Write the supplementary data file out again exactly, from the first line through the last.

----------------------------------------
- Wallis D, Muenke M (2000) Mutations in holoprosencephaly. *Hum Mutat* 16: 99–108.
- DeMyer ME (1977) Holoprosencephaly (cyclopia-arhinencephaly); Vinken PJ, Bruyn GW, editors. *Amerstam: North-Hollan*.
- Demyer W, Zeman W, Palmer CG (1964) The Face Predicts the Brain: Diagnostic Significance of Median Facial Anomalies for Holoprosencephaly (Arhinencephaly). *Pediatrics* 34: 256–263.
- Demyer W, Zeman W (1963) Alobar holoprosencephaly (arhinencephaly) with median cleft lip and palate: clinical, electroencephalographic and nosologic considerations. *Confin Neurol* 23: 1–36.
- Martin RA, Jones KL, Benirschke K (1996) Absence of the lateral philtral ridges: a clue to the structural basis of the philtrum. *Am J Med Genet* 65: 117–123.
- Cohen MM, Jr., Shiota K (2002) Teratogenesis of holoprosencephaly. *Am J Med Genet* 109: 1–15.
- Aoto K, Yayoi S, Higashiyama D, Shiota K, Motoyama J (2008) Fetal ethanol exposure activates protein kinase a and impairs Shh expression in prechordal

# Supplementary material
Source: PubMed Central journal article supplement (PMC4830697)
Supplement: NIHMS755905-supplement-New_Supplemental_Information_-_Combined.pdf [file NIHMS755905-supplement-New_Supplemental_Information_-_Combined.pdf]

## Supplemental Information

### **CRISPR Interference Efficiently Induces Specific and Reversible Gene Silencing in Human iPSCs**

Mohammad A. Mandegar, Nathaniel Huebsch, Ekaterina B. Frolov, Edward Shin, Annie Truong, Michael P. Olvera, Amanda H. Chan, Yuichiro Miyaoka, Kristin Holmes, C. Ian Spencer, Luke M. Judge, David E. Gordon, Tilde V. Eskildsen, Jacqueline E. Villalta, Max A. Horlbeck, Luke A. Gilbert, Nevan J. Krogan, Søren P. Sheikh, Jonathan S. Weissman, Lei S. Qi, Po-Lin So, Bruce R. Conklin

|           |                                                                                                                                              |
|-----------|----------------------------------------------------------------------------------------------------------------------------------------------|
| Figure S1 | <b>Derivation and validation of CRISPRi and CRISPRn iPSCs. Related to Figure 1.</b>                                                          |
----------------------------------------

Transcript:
- Wallis D, Muenke M (2000) Mutations in holoprosencephaly. *Hum Mutat* 16: 99–108.
- DeMyer ME (1977) Holoprosencephaly (cyclopia-arhinencephaly); Vinken PJ, Bruyn GW, editors. *Amerstam: North-Hollan*.
- Demyer W, Zeman W, Palmer CG (1964) The Face Predicts the Brain: Diagnostic Significance of Median Facial Anomalies for Holoprosencephaly (Arhinencephaly). *Pediatrics* 34: 256–263.
- Demyer W, Zeman W (1963) Alobar holoprosencephaly (arhinencephaly) with median cleft lip and palate: clinical, electroencephalographic and nosologic considerations. *Confin Neurol* 23: 1–36.
- Martin RA, Jones KL, Benirschke K (1996) Absence of the lateral philtral ridges: a clue to the structural basis of the philtrum. *Am J Med Genet* 65: 117–123.
- Cohen MM, Jr., Shiota K (2002) Teratogenesis of holoprosencephaly. *Am J Med Genet* 109: 1–15.
- Aoto K, Yayoi S, Higashiyama D, Shiota K, Motoyama J (2008) Fetal ethanol exposure activates protein kinase a and impairs Shh expression in prechordal

# Supplementary material
Source: PubMed Central journal article supplement (PMC4830697)
Supplement: NIHMS755905-supplement-New_Supplemental_Information_-_Combined.pdf [file NIHMS755905-supplement-New_Supplemental_Information_-_Combined.pdf]

## Supplemental Information

### **CRISPR Interference Efficiently Induces Specific and Reversible Gene Silencing in Human iPSCs**

Mohammad A. Mandegar, Nathaniel Huebsch, Ekaterina B. Frolov, Edward Shin, Annie Truong, Michael P. Olvera, Amanda H. Chan, Yuichiro Miyaoka, Kristin Holmes, C. Ian Spencer, Luke M. Judge, David E. Gordon, Tilde V. Eskildsen, Jacqueline E. Villalta, Max A. Horlbeck, Luke A. Gilbert, Nevan J. Krogan, Søren P. Sheikh, Jonathan S. Weissman, Lei S. Qi, Po-Lin So, Bruce R. Conklin

|           |                                                                                                                                              |
|-----------|----------------------------------------------------------------------------------------------------------------------------------------------|
| Figure S1 | <b>Derivation and validation of CRISPRi and CRISPRn iPSCs. Related to Figure 1.</b>                                                          |